Dear Prudence

Help! I’m Not Sure I Should Go Searching for My Birth Father Now That I Know the Truth About Him.

I wouldn’t know how to broach the subject.

Older man looking off to the side with a tree growing behind him.
Photo illustration by Slate. Photo by fizkes/iStock/Getty Images Plus and Ahmad Erianto/iStock/Getty Images Plus.

Every week, Dear Prudence answers additional questions from readers, just for Slate Plus members. Submit questions here. (It’s anonymous!)

Q. Worried: I was adopted in a closed adoption in the early 1960s. I found my (now late) birth mother in the early aughts. Although she did not want contact, and I respected that, her other, older son reached out. I have since met him, our (now late) grandmother, and my older half-sister (with whom I maintain contact). My half-brother, who would have been 3 or 4 years old when I was born, had no knowledge of me until the letter I’d written to my mother reached my grandmother and she contacted him.

Our mother then told him I was a product of rape. He believes this was the cover story she’d needed back in the 60s: Her then-husband was overseas in the military and they were in the process of divorcing. Although that’s plausible, I don’t want to doubt my mother’s explanation, and it’s not difficult to imagine my half-brother having a blind spot about a situation he became aware of 40 years after the fact. My sister has nothing to add. It is unclear whether the man my mother later married—a man she stayed with even after he abused her daughter—knew of my existence.

Although my birth mother did not identify my biological father, I have, through and 23andMe. I get weekly notifications about people I am related to through him. I have resisted contacting him because I don’t want to engage with a rapist and can’t think of a way to broach the subject with him. I don’t know whether he knows that I exist. I’ve avoided contacting other relations from that side because how do I explain our relationship? Is this the optimal way to proceed, given the circumstances—just ignore that branch of my biological heritage? It’s not like I need a kidney or want to be invited to family reunions. It would be nice, however, to get a better understanding of my origins. I’m just not sure that’s possible. He is approaching 90, so if I am going to attempt contact, time is of the essence.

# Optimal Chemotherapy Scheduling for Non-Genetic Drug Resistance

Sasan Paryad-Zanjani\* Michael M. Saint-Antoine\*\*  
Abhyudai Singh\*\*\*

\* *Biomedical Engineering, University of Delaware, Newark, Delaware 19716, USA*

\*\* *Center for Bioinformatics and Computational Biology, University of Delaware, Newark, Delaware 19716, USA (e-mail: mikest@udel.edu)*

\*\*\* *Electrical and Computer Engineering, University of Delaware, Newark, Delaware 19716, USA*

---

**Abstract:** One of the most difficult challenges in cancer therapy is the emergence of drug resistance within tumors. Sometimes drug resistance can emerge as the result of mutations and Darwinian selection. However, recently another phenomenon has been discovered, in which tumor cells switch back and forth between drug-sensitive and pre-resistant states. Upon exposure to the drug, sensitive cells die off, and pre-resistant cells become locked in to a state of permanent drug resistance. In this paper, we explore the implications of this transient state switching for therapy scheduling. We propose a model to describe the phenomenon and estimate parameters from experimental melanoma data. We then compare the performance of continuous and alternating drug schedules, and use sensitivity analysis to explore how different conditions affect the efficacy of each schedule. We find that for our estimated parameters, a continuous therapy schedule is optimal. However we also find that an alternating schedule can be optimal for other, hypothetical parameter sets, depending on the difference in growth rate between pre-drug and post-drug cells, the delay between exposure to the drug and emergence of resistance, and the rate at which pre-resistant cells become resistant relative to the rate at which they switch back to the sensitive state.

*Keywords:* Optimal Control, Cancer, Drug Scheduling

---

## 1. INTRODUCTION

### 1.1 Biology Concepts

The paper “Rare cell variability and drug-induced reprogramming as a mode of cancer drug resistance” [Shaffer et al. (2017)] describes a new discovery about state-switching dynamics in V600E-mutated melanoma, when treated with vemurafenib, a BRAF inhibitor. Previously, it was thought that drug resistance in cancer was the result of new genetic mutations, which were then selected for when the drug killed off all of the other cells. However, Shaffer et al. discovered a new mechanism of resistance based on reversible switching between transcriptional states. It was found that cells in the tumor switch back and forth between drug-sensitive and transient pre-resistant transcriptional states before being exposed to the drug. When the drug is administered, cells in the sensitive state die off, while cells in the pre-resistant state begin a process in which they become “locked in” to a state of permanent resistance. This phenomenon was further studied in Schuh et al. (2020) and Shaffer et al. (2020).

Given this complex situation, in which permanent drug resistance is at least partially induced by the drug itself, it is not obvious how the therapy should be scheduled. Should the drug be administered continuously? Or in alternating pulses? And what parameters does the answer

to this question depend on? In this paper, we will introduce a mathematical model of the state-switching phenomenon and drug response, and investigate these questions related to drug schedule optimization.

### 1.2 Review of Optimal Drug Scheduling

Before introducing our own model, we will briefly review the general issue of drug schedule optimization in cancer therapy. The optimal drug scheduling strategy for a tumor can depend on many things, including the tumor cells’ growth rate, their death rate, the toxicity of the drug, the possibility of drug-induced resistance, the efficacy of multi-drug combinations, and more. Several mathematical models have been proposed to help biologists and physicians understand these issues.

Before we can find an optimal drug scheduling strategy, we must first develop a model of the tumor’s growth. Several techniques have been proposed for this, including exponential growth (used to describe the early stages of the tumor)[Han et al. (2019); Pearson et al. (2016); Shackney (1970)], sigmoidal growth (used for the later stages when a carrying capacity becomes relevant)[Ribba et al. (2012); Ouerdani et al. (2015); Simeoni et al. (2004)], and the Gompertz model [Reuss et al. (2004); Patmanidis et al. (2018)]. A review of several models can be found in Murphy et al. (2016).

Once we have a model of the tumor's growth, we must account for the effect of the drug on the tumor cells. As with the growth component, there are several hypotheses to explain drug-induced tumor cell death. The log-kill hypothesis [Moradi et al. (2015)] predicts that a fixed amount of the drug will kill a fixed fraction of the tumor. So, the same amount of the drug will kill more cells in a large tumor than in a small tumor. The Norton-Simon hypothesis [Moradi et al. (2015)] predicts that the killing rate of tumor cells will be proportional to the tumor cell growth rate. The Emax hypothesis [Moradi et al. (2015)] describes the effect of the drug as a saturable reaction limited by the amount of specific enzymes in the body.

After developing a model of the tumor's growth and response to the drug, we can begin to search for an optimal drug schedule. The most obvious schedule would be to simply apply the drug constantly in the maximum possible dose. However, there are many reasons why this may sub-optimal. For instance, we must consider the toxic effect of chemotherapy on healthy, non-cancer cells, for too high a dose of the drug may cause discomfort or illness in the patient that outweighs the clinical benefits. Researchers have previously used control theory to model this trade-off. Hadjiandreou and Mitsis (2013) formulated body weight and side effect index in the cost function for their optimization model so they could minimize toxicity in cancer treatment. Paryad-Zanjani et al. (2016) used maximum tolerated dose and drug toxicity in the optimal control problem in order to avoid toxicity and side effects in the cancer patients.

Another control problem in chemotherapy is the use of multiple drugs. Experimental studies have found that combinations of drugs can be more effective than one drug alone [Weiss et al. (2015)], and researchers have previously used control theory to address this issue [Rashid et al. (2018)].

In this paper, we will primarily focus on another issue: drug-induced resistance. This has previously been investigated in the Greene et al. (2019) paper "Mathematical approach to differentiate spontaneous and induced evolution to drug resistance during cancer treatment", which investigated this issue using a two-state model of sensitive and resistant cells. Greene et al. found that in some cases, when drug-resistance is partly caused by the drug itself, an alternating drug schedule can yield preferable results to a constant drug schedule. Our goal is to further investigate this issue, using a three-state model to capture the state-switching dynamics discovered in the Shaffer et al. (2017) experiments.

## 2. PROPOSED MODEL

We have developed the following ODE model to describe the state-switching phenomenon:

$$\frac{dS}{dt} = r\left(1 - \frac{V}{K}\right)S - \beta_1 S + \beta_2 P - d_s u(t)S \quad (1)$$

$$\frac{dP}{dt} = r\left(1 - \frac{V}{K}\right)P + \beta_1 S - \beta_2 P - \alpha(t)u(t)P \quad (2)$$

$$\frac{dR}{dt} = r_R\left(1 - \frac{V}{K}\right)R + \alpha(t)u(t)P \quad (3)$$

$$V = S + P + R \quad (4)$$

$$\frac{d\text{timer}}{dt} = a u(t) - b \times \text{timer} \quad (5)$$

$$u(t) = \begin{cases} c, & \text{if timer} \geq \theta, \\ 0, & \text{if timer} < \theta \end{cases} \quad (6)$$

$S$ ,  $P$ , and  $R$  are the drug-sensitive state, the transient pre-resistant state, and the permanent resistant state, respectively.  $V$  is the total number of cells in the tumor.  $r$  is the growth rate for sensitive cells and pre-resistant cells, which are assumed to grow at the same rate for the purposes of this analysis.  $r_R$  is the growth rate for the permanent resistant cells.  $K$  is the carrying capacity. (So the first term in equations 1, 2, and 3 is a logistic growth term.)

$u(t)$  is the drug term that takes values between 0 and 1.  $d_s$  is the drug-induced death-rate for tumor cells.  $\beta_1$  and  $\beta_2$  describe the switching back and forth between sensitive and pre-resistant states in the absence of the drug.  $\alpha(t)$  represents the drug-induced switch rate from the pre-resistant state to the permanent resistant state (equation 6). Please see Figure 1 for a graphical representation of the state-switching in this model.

A: I think this is a good situation in which to think about what you want—and, because you probably can’t have everything you want, what you want the most—and then work backwards from there.

You’ve said you’d like to get a better understanding of your origins but what does that mean? Biological information? Ancestry information? Or the kind of vibes and anecdotes you only get from meeting people personally? Will relatives do, or do you need to lay eyes on your actual father, even if he is a rapist? Would you want to confront him or get closure in any way? How much do you want peace? How much do you want to avoid awkward conversations? How much do you want to continue receiving those 23andMe notifications about random biological relatives?

I’m not trying to duck your question, but it’s just hard to answer without knowing what you value, and what you’re willing to deal with to get it. Put some thought into that, with the help of a counselor, if possible. You might also try to connect with other adoptees for support because while this is a unique situation, you’ll probably find the best insights from others who have reconnected with relatives later in life.

More Advice From Slate

I live in a small building—26 units—with some young families and other singles. It’s an expensive building, as is most every place in L.A. We mostly get along very well—except for a family with two small children, a 4-year-old girl and a 2-year-old boy. They live across the courtyard from me and the children are always crying and screaming; the mother is always yelling at them, inside their apartment and elsewhere. My next-door neighbor hears the worst of it.